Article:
However, in the past four years, we have seen changes that could not be imagined at the beginning of the decade and the 2018 legalization pronouncements in California, but more significantly in Canada, a G7 nation, could provide the tipping point. With just these two blocs accounted for, 77 million people now have the legal right to consume cannabis medically and recreationally.
Back then there were high hopes for a significant change in policy and although this did not materialise, one of the big positives was that there was a shift in consensus to taking a more health related approach to drug issues.
The debate should also be seen within the context of the UN’s Sustainable Development goals as set in 2015, which were designed to ‘end poverty, protect the planet and ensure prosperity for all.’ The growing of hemp, its sustainable credentials and the prospect of its use for the production of thousands of products fits into this brief. The cannabis policy think tank FAAAT, also involved with the Vienna Conference, will present UN delegates with a report on the links between cannabis policies and the UN Agenda for Sustainable Development.
As Hana says, the world is a very different place today to the one it was when the Single Convention was hatched, however as an internationally binding treaty its effects are still felt, shackling policy makers in countries around the world. An example of this is illustrated by current moves by the German Government to ease medical cannabis laws.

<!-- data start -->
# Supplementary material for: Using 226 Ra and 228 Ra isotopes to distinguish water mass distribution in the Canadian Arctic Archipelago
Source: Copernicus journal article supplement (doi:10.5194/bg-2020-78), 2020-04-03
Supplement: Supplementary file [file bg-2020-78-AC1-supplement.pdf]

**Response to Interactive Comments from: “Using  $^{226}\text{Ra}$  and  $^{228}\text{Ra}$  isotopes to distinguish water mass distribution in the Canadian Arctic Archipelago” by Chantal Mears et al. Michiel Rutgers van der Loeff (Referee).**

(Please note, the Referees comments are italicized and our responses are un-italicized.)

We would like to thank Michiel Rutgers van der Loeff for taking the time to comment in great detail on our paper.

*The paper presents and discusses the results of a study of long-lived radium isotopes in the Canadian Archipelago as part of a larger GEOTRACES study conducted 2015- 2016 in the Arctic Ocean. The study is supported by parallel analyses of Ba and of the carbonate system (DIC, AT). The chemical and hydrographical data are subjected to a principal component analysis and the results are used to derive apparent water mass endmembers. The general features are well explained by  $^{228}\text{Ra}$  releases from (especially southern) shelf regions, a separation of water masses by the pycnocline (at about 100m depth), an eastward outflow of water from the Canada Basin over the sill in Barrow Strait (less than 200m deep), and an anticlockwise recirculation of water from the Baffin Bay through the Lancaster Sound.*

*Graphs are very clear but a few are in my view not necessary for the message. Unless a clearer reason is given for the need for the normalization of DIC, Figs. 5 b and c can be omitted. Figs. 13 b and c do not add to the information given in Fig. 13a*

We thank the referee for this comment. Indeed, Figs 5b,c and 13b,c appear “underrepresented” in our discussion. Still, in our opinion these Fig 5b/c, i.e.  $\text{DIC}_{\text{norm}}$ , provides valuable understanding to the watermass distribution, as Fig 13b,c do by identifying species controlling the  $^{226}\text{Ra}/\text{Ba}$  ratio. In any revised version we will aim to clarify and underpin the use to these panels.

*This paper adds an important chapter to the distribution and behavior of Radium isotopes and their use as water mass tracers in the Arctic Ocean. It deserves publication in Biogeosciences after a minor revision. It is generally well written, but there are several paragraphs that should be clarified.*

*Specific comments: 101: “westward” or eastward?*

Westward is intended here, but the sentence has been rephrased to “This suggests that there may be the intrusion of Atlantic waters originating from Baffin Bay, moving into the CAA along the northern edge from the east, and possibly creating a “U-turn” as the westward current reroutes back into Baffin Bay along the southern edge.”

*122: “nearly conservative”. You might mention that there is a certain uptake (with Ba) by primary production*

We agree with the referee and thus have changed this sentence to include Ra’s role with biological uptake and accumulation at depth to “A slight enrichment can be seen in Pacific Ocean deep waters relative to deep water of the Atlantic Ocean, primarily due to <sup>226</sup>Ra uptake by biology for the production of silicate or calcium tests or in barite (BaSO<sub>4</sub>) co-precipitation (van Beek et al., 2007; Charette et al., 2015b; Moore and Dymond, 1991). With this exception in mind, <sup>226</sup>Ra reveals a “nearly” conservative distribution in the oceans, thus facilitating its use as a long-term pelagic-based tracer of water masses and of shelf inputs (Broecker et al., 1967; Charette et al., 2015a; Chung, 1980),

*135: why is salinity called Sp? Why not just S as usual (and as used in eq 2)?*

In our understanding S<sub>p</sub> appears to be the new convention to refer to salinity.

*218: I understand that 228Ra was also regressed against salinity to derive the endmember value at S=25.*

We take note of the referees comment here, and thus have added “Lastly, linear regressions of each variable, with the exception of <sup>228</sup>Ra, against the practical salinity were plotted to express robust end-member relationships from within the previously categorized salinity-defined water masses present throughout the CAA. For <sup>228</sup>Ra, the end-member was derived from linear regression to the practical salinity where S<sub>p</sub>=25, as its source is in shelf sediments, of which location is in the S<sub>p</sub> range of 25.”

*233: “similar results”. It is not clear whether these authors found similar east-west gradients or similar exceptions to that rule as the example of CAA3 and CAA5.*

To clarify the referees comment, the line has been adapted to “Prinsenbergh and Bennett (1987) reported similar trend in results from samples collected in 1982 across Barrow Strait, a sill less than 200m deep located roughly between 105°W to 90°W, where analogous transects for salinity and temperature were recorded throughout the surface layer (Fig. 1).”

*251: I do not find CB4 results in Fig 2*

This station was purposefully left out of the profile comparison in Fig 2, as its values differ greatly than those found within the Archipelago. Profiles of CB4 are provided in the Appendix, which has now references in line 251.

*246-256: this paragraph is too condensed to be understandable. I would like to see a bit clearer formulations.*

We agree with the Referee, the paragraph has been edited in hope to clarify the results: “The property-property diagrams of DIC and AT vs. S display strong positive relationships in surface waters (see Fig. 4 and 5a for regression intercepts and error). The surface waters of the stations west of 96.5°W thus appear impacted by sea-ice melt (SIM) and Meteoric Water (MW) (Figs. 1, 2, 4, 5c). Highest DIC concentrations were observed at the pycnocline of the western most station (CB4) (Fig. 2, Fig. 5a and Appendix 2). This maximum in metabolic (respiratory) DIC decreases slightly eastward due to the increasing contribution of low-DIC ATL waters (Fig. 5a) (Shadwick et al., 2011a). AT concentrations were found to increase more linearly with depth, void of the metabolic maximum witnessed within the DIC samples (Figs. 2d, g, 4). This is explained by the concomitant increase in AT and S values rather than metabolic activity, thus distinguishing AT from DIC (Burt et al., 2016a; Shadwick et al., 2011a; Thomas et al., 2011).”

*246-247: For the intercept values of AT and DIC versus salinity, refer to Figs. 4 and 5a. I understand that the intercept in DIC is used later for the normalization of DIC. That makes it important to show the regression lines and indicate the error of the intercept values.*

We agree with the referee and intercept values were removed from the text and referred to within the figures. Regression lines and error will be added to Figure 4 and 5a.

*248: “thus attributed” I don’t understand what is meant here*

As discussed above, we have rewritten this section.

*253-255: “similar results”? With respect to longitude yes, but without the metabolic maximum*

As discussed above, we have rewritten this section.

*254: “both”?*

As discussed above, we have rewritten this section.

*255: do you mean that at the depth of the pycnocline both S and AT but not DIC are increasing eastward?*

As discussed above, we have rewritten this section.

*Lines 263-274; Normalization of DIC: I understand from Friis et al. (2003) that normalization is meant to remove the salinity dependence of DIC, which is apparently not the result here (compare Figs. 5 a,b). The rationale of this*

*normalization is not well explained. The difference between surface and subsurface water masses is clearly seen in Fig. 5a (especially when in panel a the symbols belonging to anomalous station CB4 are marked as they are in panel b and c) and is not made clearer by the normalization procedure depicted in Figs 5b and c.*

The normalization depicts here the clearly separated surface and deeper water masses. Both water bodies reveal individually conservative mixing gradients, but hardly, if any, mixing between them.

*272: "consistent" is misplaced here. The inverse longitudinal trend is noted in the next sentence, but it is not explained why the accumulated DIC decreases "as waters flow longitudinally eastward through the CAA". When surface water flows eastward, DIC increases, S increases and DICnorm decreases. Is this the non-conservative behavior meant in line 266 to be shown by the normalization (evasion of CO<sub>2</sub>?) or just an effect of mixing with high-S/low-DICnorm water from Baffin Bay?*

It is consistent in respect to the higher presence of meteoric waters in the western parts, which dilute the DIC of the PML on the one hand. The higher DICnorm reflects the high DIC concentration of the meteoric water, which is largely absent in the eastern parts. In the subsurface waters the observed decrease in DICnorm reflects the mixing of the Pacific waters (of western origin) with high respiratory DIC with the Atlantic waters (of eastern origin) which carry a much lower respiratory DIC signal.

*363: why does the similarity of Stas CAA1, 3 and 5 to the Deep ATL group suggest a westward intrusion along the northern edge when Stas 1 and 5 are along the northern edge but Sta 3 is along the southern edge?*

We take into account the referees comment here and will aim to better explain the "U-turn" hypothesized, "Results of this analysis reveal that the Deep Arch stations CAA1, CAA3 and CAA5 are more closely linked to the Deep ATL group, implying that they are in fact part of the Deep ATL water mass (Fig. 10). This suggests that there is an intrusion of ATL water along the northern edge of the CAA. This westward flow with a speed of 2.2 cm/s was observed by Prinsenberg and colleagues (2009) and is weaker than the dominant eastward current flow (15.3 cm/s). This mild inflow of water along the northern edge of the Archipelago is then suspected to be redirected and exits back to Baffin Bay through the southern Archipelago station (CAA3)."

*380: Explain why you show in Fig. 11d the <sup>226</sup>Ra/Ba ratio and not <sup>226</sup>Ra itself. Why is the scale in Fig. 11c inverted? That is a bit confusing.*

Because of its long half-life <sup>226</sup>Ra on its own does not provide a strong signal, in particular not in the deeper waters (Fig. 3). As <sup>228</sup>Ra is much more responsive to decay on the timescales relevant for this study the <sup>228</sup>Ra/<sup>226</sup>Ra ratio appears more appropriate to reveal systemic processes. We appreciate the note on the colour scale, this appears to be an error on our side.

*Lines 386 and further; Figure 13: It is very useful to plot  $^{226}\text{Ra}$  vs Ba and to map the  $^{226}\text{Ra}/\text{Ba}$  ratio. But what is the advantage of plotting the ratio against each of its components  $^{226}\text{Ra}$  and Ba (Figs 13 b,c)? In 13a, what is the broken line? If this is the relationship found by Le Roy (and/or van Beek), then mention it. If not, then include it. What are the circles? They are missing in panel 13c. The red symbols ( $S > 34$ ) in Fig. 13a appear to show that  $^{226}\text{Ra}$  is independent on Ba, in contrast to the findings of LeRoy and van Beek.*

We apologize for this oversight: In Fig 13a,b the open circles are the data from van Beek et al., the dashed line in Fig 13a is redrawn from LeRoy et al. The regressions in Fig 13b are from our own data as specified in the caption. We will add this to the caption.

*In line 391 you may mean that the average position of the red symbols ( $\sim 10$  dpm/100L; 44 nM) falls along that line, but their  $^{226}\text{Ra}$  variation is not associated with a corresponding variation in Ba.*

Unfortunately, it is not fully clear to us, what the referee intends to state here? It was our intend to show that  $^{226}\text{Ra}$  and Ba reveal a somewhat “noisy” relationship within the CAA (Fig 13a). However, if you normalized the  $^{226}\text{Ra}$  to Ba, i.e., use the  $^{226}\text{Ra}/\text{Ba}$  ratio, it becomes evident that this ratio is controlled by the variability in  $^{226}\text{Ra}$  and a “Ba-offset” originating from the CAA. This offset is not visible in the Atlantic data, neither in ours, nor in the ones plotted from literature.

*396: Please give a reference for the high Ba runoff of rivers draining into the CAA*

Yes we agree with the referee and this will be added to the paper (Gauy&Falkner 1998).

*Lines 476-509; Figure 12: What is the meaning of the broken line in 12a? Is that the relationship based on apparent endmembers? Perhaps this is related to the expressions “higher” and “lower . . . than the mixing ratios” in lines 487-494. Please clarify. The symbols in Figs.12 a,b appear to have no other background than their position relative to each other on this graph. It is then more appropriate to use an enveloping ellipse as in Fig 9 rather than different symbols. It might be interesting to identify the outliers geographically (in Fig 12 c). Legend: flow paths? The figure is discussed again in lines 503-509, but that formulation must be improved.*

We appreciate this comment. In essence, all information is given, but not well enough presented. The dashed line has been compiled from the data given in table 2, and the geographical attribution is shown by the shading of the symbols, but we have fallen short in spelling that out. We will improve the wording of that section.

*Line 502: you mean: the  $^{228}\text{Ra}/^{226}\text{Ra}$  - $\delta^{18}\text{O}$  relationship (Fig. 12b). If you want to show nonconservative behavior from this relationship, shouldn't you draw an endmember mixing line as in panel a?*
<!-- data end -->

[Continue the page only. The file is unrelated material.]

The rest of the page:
At the recent EurAm business conference in Prague, Florian Rister (Vice CEO of Deutscher Hanfverbrand, the biggest legal advocacy/business organisation in Germany) told delegates that medical cannabis production and purchase will be controlled by the BfArM (Ministry responsible for narcotic drugs) within the guidelines of the 1961 UN Single Convention. This would mean automatic obstacles to supply the market with cannabis derived products from outside the country.
However, as ever with cannabis policy, sands are in a constant state of flux. Counter balancing the positives of legalisation successes at US state and nation level, is a hefty bloc of staunch anti-reformists on the international stage including Russia, China and Saudi Arabia, not to mention the ASEAN countries – who are resistant to any change to current UN attitudes.